On February 22, 2017

Vote “yes” on school board merger

Dear Editor,

Attention Killington taxpayers and residents: on Tuesday, March 7, you will be asked to vote “yes” or “no” to a potential Act 46 merger of our local school board into a new consolidated board consisting of members from other towns in our present supervisory union. After 18 months of meetings to explore this potential merged school board and its impact on the town of Killington, we are asking you to support this merger and vote “yes” on the Australian ballot. We believe that a merged district board will best serve the students of Killington, Killington Elementary School and our community.
We want you to clearly understand what a “yes” or a “no” vote means.
A “yes” vote means:
A unified board with one budget, much like our current unified middle school/high school, that would be voted on by Australian ballot by all of the member towns
Retention of small schools grants (the individual grants would be merged into the district wide budget)
Tax incentives over four years
Transition grant (applied to the district wide budget)
Total potential incentives of approximately $2.5 million in the first four years. (This amount is the approximate incentives given to the taxpayers of all six towns if all six towns merge, not just Killington; the potential tax savings to Killington residents is approximately $300,000 over four years.)
Commitment to a more flexible system, implementing potential campus restructuring and intra-district choice
A place on a new unified board. (Killington will have two seats on an 18-member proposed board—two each from Killington, Barnard, Reading, Bridgewater, Pomfret, Plymouth and six from Woodstock. Once Killington joins this unified board, it would be extremely difficult to leave such a board. Like the middle and high school board, there would have to be a vote of all towns to release one member town from the union.)
A “no” vote means:
Requiring our local school board to find other partnering districts to merge with, and submitting an alternative plan to the state by November 2017
If no alternative plan is submitted, the state will merge our Killington school district as it sees fit by 2019. (This means either leaving the WCSU or being merged anyway according to the current proposal.)
Loss of small schools grant. (This is not guaranteed but highly probable; Killington presently receives approximately $70,000 per year as a small schools grant from the state.)
No tax incentives
Exposure to steeper increases in per pupil spending and penalties if the excess spending threshold is exceeded.
We understand that this is an important decision for our community. Local control of Killington Elementary School and our local school budget has always been paramount to our town and a source of great pride. We come to you with this proposed merger because we care so much about our school and its continued sustainability and viability. We believe this merged board is the best way to ensure continued quality of educational programming and the academic excellence that will follow.
We believe that it is very important to be a part of the proposed new board at its inception. This way we will have a strong voice on that new board as we plan for our collective towns’ future. Two current school board members (Jennifer Iannantuoni and Jim Haff) are running for Killington’s two seats on this board.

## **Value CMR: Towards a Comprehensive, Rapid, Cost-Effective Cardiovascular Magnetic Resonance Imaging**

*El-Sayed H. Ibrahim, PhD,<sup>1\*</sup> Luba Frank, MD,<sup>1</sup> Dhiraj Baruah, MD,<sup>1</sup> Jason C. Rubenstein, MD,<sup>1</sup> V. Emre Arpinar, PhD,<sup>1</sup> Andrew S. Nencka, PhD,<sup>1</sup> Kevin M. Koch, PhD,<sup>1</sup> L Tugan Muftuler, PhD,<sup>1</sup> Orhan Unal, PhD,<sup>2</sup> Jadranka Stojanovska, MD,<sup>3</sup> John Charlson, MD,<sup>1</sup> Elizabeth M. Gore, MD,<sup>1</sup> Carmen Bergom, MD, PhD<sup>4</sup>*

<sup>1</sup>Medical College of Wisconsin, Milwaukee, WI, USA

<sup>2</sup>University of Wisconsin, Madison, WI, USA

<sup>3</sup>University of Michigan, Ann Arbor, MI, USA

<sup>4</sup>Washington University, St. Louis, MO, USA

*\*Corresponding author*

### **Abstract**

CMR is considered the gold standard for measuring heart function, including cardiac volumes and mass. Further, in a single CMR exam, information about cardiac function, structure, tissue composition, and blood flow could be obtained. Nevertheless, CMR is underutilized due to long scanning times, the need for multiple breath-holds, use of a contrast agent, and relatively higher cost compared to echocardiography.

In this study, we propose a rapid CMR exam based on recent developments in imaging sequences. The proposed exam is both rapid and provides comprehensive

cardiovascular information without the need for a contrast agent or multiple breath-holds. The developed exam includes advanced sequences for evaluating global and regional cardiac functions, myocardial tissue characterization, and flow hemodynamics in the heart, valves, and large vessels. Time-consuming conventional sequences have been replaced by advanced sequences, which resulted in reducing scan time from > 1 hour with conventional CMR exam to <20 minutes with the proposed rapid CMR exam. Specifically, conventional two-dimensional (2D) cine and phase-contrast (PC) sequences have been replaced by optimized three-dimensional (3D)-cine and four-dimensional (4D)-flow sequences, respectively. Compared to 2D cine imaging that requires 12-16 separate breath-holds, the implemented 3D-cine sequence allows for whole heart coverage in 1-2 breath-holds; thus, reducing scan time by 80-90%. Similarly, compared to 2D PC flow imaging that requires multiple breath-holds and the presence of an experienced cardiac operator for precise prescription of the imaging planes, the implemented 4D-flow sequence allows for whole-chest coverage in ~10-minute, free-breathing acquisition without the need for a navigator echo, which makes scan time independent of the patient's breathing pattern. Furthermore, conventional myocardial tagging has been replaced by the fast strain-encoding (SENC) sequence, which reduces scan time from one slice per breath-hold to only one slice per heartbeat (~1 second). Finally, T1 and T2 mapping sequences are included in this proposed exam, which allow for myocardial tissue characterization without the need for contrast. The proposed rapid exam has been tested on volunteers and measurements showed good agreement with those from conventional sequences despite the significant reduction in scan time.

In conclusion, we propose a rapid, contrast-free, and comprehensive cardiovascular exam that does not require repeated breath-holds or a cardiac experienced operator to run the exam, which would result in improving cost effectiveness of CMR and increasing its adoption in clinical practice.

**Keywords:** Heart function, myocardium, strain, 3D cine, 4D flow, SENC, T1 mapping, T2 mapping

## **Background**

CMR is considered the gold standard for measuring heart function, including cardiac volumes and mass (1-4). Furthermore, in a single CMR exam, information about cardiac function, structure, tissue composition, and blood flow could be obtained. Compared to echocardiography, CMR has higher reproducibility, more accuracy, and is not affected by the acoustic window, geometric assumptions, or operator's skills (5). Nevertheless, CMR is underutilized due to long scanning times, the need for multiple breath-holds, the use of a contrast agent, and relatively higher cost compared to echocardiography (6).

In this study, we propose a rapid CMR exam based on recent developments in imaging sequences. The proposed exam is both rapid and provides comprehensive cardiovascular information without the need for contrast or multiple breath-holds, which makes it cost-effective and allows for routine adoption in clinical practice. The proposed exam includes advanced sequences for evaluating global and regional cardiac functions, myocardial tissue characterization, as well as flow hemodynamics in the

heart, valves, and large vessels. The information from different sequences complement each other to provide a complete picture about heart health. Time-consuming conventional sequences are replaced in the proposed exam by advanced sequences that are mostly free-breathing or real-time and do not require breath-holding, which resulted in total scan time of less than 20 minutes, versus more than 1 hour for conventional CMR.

We want to give you an opportunity to learn about Act 46 and its implications and to ask questions. Please come to the Killington Town Hall on Monday, Feb. 27 at 7 p.m. for an Act 46 information session. All minutes, draft reports and data relating to the proposed Act 46 consolidation can be found under the Act 46 tab at www.wcsu.net.

Sincerely,
Jennifer Iannantuoni, KES board chair
Walter Findeisen, KES board member
Laura McKenna, KES board member
Jim Haff, WUMSHS board member
Roger Rivera, WUMSHS board member

Do you want to submit feedback to the editor?

Send Us An Email!

Related Posts

Harrison announces candidacy forre-election

May 29, 2024
Jim Harrison of Chittenden announced his candidacy for a new term as state representative for the Rutland-11 district (Chittenden, Killington, Mendon, and Pittsfield). He was first appointed to the legislature in 2017 by Governor Phil Scott and has been re-elected to new terms since then. Harrison is a member of the House Appropriations Committee, the…

Why Act 127 is vital for Vermont’s rural education

May 29, 2024
Dear Editor, In Vermont’s quest for equitable education funding, Act 127 represents a beacon of hope, especially for our rural communities. This legislation, informed by thorough research from Rutgers and the University of Vermont, revises the state’s school funding formulas to reflect the actual costs of educating students in diverse socio-economic settings, with a significant focus…

Act 127 balance ed resources; aims for equity

May 29, 2024
Dear Editor, The debate over educational equity in Vermont, particularly around the implementation of Act 127 and the Pupil Weighting Factors Report, touches deeply on the state’s social and economic disparities. This conflict is starkly illustrated by the historical and current attitudes of certain towns towards neighboring communities, especially in the context of educational funding…

Save SNAP

May 29, 2024
Dear Editor, We have an urgent call to action: to protect 3SquaresVT/SNAP benefits nationwide for millions of families, including nearly 70,000 people in our state. In early May, the U.S. Congress began to progress on Farm Bill negotiations again. Just a day apart, the chairs of the House and Senate Agriculture committees released their respective Farm…